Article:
In late 2012, the Swiss National Advisory Commission on Biomedical Ethics reported on intersex. The Commission report makes a strong case against medical intervention for "psychosocial" reasons:
Especially delicate are those cases where a psychosocial indication is used to justify the medical urgency of surgical sex assignment in children who lack capacity. Here, there is a particularly great risk of insufficient respect being accorded to the child’s (future) self-determination and its physical integrity...
Decisions on sex assignment interventions are to be guided by the questions of what genitalia a child actually requires at a given age (apart from a functional urinary system) and how these interventions will affect the physical and mental health of the child and the future adult. Treatment needs to be carefully justified, especially since – in functional, aesthetic and psychological respects – surgically altered genitalia ... are not comparable to natural male or female genitalia. Decisions are to be guided, above all, by the child’s welfare...
The harmful consequences may include, for example, loss of fertility and sexual sensitivity, chronic pain, or pain associated with dilation (bougienage) of a surgically created vagina, with traumatizing effects for the child. If such interventions are performed solely with a view to integration of the child into its family and social environment, then they run counter to the child’s welfare. In addition, there is no guarantee that the intended purpose (integration) will be achieved.
— Swiss National Advisory Commission on Biomedical Ethics
The report is notable for making a clear apology for damage done to intersex people in the past, and up until the present. It recommends deferring all "non-trivial" surgeries which have "irreversible consequences". The report also recommended criminal sanction for non-medically necessary genital surgeries.
The 2006 Yogyakarta Principles on the Application of International Human Rights Law in relation to Sexual Orientation and Gender Identity is a set of principles relating to sexual orientation and gender identity, intended to apply international human rights law standards to address the abuse of the human rights of lesbian, gay, bisexual and transgender (LGBT) people. It briefly mentions intersex, influenced by the Declaration of Montreal which first demanded prohibition of unnecessary post-birth surgery to reinforce gender assignment until a child is old enough to understand and give informed consent. The Yogyakarta Principles detail this in the context of existing UN declarations and conventions under Principle 18, which called on states to:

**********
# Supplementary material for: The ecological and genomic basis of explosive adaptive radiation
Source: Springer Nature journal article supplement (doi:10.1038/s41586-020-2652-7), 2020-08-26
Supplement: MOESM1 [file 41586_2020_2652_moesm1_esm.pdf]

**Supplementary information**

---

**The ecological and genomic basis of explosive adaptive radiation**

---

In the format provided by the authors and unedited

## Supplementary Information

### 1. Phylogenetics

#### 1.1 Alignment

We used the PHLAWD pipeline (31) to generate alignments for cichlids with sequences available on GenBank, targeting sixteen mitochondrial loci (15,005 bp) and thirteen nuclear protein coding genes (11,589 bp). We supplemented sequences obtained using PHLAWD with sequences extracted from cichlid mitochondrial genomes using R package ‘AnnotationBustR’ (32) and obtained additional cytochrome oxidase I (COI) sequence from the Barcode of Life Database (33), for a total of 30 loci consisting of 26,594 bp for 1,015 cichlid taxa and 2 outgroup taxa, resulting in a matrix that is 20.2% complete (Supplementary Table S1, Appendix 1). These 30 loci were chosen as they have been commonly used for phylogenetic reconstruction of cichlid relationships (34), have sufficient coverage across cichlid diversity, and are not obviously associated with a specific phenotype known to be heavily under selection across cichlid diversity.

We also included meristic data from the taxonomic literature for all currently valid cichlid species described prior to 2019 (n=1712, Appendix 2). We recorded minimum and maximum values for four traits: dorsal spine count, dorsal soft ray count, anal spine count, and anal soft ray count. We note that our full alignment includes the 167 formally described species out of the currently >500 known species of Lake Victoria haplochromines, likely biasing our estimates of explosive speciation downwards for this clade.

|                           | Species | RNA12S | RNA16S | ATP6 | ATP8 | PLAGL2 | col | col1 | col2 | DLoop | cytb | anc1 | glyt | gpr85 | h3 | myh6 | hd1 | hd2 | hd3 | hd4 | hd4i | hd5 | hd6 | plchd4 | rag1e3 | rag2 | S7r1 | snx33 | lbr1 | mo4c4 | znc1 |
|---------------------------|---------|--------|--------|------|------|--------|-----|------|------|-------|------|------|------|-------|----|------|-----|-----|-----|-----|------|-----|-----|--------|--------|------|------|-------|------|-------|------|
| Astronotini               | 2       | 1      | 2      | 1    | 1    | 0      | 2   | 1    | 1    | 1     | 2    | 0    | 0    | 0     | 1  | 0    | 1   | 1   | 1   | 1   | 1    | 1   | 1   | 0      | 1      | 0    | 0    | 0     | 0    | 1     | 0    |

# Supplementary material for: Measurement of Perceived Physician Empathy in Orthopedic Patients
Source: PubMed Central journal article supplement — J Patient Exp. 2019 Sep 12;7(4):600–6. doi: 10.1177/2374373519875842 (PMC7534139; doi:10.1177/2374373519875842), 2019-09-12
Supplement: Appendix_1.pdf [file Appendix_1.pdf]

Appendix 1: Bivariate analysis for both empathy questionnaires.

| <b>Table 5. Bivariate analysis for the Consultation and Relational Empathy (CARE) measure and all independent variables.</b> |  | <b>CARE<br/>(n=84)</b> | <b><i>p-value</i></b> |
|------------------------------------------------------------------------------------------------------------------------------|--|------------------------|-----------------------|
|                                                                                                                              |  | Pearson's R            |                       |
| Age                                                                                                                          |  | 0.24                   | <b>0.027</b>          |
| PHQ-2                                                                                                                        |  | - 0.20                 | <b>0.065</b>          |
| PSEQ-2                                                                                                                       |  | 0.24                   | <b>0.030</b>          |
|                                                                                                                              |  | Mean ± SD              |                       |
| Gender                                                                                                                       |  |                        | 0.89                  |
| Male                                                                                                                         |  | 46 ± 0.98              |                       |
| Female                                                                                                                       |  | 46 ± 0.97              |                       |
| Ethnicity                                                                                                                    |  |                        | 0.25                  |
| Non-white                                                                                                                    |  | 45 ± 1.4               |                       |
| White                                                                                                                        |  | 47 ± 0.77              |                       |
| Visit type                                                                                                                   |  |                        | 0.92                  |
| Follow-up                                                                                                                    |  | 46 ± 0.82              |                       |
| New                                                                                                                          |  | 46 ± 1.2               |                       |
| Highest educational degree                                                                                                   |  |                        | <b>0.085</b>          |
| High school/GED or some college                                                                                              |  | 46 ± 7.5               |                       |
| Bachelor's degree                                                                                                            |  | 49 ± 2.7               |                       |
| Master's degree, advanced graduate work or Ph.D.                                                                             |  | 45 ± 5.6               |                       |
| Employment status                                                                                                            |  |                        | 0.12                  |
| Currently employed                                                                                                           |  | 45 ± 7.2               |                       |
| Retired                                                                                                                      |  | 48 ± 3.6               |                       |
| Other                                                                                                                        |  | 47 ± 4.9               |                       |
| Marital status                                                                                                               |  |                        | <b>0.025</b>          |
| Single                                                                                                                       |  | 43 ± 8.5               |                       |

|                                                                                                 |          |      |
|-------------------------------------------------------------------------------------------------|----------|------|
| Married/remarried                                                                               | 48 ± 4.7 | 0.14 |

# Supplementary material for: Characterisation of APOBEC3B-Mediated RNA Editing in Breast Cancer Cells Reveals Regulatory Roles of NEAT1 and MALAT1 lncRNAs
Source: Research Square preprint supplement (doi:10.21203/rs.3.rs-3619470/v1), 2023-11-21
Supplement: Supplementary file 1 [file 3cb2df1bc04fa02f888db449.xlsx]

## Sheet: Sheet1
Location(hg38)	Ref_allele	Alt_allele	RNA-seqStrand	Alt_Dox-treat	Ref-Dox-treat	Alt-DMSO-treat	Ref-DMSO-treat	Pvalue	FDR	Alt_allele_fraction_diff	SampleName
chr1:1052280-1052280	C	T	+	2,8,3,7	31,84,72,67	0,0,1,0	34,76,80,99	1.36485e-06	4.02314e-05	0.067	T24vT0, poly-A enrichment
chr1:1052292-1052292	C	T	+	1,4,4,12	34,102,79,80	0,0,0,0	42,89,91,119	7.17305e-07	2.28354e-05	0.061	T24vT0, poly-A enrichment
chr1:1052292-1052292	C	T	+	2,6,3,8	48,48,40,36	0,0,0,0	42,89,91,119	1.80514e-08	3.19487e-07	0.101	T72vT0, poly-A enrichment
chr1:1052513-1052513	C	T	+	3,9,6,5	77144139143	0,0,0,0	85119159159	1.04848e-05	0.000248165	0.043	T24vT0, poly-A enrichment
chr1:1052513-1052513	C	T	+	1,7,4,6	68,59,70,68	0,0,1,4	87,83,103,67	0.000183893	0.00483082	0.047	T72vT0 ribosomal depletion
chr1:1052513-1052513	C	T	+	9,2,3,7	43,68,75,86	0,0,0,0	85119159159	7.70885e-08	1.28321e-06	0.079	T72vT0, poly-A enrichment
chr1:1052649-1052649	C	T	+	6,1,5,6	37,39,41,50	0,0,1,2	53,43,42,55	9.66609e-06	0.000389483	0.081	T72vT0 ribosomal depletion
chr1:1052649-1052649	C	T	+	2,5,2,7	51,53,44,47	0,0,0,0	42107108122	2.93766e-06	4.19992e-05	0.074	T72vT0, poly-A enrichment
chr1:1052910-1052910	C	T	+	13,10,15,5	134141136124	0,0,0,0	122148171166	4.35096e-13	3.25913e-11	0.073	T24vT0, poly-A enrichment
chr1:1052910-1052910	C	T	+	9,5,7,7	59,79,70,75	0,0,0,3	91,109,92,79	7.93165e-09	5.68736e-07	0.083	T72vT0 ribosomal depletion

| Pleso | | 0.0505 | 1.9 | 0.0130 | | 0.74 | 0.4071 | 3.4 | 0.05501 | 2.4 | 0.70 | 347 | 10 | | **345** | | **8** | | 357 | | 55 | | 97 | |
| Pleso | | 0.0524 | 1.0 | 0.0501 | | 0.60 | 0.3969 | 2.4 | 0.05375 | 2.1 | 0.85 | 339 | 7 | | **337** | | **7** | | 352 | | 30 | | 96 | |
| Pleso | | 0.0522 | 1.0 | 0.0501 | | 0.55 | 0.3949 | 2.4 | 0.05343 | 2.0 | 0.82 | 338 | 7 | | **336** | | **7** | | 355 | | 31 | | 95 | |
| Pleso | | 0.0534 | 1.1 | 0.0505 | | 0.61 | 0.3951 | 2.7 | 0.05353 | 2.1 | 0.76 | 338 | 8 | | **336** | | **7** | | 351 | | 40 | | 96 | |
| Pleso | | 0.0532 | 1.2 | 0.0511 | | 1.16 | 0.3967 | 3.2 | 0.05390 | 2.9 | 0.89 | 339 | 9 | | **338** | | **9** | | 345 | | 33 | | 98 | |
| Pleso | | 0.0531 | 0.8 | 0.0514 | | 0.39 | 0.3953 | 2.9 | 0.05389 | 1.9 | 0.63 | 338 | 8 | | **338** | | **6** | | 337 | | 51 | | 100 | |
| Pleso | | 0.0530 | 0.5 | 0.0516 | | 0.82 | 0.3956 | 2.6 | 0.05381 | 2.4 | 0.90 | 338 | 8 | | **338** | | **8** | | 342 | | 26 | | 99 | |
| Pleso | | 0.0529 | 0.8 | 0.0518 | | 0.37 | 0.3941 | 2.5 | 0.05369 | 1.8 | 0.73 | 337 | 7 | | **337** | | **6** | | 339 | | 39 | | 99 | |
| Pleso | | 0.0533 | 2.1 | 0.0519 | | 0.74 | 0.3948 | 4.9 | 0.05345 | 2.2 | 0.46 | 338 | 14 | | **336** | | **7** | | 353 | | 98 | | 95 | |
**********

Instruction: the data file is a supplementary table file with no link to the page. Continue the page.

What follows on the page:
B. Take all necessary legislative, administrative and other measures to ensure that no child’s body is irreversibly altered by medical procedures in an attempt to impose a gender identity without the full, free and informed consent of the child in accordance with the age and maturity of the child and guided by the principle that in all actions concerning children, the best interests of the child shall be a primary consideration;
C. Establish child protection mechanisms whereby no child is at risk of, or subjected to, medical abuse;
— The Yogyakarta Principles
The 2005 Human Rights Investigation into the Medical "Normalization" of Intersex People, by the Human Rights Commission of the City and County of San Francisco is thought "likely to be the first human rights report into the treatment of intersex people, certainly in the English language." The report found that:
- Infant genital surgeries and sex hormone treatments that are not performed for the treatment of physical illness, such as improving urinary tract or metabolic functioning, and have not been shown to alleviate pain or illness (hereafter referred to as "normalizing" interventions) are unnecessary and are not medical or social emergencies.
- "Normalizing" interventions done without the patient's informed consent are inherent human rights abuses.
- "Normalizing" interventions deprive intersex people of the opportunity to express their own identity and to experience their own intact physiology.
- It is unethical to disregard a child’s intrinsic human rights to privacy, dignity, autonomy, and physical integrity by altering genitals through irreversible surgeries for purely psychosocial and aesthetic rationales. It is wrong to deprive a person of the right to determine their sexual experience and identity. ...
- It is ethically wrong to treat people differently or unfairly because they are perceived by others to be "monsters" or "oddities."
— Human Rights Commission of the City and County of San Francisco
Although not many cases of children with intersex conditions are available, a case taken to the Constitutional Court of Colombia led to changes in their treatment. The case significantly reduced the power of doctors and parents to decide surgical procedures on the children's ambiguous genitalia. Due to the decision of the Constitutional Court of Colombia on Case 1 Part 1 (SU-337 of 1999), doctors are obligated to inform parents on all the aspects of the intersex child. Parents can only consent to surgery if they have received accurate information, and cannot give consent after the child reaches the age of five. By then the child will have, supposedly, realized their gender identity. The court case has led to setting legal guidelines for doctors' surgical practice on intersex children.